Thursday, November 21, 2013

NightThief Forensic Imaging Technology

I received the usual spam announcing a new company in the forensic imaging marketplace, FRP Forensic Imaging’s new NightThief forensic imaging technology.

The OCD in me was alerted by the specific use of several words in the piece - like technology vs. software or product and "restoration" vs clarification or enhancement. The OCD went into overdrive with this bit, "NightThief imaging is available as a controlled service built around uncompromising ethics and usage frameworks. FRP Imaging’s commitment to responsible forensic imaging includes strict submission requirements, chain of custody prerequisites, and a no-nonsense licensing model designed to facilitate smarter criminal investigations while protecting the privacy and liberties of innocent individuals." What's a "controlled service?" Submission requirements?

But then, the issue was laid to rest, "Because NightThief imaging is a service, there are no upfront costs, investments in time, equipment, training, or commitments required. More importantly, NightThief is built for speed with processing times rarely exceeding three days – and critical cases much faster! Dynamic all-inclusive per-event pricing based on senior agency involvement and community population provides simple, predictable, and affordable world-class forensic imaging to organizations and communities of all sizes." It's a service with per-event pricing. Ok. First question, who's going to come to Los Angeles to testify about the work done on the images?

So, I went to the web site - FRP Imaging. It seems that FRP stands for Forensic Reverse Pixelation. I couldn't find out what they mean by the term, but it seems that they're a tech start-up coming out of the movie special effects industry.

Judging from their FAQ page, they may run into significant resistance over a few of their policies.

  • "Does any other company perform FRP Imaging or use NightThief™ technology? No. FRP Forensic Imaging™ and NightThief™ technologies are exclusive services of FRP Imaging."
How will they handle the reliability/repeatability questions if they don't share their technology? What happens if they're compelled to release their tech to opposing counsel? What happens when their technicians are cross-examined about how their technology works?
  • "Who owns FRP-processed images? We do. To control the application or FRP images, we license copyrighted FRP-processed images to acquiring agencies. Agencies may use them freely within departments, and publicize them in association with their case specific law enforcement efforts in perpetuity."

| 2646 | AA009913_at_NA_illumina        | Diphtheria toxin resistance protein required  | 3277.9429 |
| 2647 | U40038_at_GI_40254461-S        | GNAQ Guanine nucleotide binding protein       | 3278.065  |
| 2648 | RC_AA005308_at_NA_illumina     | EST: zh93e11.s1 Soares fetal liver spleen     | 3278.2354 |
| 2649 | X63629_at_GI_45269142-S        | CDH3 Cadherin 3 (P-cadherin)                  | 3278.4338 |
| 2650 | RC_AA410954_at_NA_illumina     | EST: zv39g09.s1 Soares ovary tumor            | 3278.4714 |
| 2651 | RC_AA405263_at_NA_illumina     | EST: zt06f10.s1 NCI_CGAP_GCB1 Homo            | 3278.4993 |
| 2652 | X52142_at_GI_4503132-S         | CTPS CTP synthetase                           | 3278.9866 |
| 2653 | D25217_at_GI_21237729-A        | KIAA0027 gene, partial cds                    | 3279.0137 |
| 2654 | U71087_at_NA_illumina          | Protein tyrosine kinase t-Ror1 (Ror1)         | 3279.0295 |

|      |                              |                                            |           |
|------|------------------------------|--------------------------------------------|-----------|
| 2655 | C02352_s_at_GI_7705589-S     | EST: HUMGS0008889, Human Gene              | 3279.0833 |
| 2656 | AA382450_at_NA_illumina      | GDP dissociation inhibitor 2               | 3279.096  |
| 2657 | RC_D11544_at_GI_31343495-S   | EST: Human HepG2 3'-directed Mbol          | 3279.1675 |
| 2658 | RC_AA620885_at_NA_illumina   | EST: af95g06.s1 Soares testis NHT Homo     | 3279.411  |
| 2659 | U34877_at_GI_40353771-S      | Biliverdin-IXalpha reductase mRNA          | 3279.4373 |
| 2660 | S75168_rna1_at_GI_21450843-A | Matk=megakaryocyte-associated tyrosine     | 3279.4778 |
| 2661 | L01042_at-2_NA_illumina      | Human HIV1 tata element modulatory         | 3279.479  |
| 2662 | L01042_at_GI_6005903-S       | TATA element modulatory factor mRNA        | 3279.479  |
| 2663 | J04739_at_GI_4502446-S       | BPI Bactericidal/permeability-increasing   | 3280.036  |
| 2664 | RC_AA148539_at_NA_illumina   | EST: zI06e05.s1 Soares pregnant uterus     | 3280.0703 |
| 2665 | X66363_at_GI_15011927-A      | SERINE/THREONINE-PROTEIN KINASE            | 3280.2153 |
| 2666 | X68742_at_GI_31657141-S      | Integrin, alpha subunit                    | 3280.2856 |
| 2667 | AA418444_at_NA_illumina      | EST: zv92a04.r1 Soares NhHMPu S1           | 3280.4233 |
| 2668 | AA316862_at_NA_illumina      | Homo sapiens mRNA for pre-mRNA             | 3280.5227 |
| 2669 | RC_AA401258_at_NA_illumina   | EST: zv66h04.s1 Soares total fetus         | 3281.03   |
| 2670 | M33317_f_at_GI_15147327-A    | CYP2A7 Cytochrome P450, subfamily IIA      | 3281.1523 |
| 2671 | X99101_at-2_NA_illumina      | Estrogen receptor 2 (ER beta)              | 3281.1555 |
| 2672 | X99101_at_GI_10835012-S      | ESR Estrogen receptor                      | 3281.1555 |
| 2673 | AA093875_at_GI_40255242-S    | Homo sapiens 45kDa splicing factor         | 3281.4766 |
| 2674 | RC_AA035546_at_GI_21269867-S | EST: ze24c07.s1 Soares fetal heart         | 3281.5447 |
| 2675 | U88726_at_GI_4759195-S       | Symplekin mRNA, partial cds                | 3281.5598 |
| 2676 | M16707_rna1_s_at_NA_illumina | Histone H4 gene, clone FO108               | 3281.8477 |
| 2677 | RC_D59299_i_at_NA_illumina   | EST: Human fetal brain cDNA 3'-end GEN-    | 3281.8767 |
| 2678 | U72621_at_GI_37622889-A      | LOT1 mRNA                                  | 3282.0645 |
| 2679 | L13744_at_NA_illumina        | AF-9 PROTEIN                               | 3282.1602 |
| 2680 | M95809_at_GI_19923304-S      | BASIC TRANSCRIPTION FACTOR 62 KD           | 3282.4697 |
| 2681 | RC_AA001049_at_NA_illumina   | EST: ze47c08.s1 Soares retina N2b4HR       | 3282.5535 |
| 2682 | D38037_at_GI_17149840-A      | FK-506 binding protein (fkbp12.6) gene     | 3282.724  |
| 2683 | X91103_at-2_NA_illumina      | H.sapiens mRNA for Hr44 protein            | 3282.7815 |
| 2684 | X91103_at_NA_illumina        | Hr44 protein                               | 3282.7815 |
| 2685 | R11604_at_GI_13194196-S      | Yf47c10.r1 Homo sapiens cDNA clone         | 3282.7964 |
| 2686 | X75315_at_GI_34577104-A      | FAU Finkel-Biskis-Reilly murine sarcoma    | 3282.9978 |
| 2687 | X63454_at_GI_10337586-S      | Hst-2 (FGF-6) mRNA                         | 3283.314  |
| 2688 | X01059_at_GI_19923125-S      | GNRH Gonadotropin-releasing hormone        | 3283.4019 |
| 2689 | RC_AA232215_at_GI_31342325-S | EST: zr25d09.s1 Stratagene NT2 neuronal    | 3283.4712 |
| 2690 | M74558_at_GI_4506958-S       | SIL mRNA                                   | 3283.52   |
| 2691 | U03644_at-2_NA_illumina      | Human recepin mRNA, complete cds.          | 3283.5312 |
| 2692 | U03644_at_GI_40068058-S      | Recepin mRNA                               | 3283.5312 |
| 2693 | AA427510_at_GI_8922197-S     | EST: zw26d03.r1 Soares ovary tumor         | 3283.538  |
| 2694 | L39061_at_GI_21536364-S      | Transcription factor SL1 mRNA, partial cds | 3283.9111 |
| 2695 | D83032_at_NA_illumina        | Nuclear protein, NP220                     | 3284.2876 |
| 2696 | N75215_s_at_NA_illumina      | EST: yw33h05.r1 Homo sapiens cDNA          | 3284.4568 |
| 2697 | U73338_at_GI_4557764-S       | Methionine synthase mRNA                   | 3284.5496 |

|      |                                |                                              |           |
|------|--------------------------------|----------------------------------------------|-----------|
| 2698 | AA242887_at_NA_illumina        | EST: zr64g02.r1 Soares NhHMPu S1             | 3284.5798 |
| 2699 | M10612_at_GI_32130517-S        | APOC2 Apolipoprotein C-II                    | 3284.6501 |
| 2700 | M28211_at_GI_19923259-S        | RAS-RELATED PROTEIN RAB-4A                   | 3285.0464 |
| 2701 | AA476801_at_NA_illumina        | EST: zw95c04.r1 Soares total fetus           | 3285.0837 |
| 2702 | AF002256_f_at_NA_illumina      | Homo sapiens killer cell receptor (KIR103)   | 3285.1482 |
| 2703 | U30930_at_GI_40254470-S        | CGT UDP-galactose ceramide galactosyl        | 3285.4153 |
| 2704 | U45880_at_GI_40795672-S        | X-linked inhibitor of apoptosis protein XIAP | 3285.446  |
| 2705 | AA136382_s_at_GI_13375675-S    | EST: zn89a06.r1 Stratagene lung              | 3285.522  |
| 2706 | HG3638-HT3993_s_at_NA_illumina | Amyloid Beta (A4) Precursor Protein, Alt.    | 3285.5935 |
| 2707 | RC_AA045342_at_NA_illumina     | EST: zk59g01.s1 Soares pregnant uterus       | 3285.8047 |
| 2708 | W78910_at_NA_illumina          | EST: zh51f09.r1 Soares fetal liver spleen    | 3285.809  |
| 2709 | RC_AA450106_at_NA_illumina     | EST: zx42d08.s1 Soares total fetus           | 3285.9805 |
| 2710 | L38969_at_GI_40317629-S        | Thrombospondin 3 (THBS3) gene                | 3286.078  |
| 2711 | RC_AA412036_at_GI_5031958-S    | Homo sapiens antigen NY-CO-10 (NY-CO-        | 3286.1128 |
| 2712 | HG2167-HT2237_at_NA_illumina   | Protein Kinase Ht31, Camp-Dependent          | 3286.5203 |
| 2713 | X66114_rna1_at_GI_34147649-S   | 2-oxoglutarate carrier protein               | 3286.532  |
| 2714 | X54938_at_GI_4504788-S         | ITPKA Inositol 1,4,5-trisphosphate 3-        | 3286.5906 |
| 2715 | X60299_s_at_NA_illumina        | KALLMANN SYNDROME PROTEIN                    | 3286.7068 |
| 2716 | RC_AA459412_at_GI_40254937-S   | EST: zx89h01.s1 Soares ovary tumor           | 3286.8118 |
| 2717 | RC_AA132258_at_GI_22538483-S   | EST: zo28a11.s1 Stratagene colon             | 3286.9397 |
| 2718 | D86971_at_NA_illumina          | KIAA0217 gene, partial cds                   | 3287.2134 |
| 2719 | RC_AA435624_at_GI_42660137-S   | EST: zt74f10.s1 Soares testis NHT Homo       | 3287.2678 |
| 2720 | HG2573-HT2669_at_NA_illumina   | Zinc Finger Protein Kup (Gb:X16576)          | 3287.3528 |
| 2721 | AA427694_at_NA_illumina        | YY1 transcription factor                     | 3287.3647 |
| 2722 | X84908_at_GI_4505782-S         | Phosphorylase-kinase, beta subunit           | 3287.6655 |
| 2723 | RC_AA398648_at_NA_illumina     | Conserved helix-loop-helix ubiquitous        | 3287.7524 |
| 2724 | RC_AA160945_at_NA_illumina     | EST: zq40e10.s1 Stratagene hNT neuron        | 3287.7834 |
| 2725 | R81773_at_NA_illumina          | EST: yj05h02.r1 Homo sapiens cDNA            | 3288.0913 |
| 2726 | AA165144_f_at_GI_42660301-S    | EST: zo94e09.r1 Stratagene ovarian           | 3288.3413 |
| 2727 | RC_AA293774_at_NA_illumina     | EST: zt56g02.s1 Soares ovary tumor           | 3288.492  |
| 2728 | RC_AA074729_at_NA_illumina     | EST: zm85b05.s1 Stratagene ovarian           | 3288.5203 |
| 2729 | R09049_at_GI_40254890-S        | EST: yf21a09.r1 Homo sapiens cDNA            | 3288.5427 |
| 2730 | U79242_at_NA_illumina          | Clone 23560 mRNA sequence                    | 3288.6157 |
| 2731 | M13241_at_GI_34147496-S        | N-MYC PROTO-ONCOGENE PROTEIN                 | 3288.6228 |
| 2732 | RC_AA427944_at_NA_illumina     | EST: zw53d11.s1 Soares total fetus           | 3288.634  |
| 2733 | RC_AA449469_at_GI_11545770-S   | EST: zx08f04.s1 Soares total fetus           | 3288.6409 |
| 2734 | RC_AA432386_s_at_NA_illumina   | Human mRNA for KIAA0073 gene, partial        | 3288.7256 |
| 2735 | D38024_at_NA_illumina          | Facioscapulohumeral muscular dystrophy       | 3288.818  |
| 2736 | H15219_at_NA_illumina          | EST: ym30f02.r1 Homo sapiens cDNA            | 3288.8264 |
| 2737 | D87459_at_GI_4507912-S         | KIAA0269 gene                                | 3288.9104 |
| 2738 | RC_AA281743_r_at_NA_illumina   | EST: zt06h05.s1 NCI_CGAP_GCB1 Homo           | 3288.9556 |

I'm not sure how the "we license the results back to you - but we now own the file" policy is going to fly with LE agencies and the courts.
  • "Are FRP images admissible in courts? Generally, yes. However, it’s important to remember FRP Imaging products are designed as investigatory tools."
An investigatory tool that's generally admissible in court - at an "affordable price."

Back to the who's going to come to your court and testify about the work and be cross examined, as is the defendant's right? No one, it seems. 
  • "Each FRP processed image includes a notarized sworn statement made under penalty of perjury certifying the image was not modified, original enhanced, created, edited, or manipulated in any way that adds or removes any element from the image, or portrays any suspect in an unfavorable light beyond the actual image provided. If enhancement(s) were made, it is noted along with its purpose (scale, proximity, detail, etc.) ."
How do you cross examine a "notarized sworn statement?"

I'm interested to hear back from them to find out more about how they see this working.

1 comment:

Anonymous said...


I too wondered about the idea of pixel replacement. For example, you want to ID a license plate number but due to a lack of pixels, cannot get a positive ID. Now, they will "add" pixels to clarify the image. What is the methodology? Is there a chance of a false ID, for example, making a letter "E" vice an "F", or a "1" vice an "I"? Those are easy about making a letter or number not even close? I would like to see test images of known objects and see how often they get it right.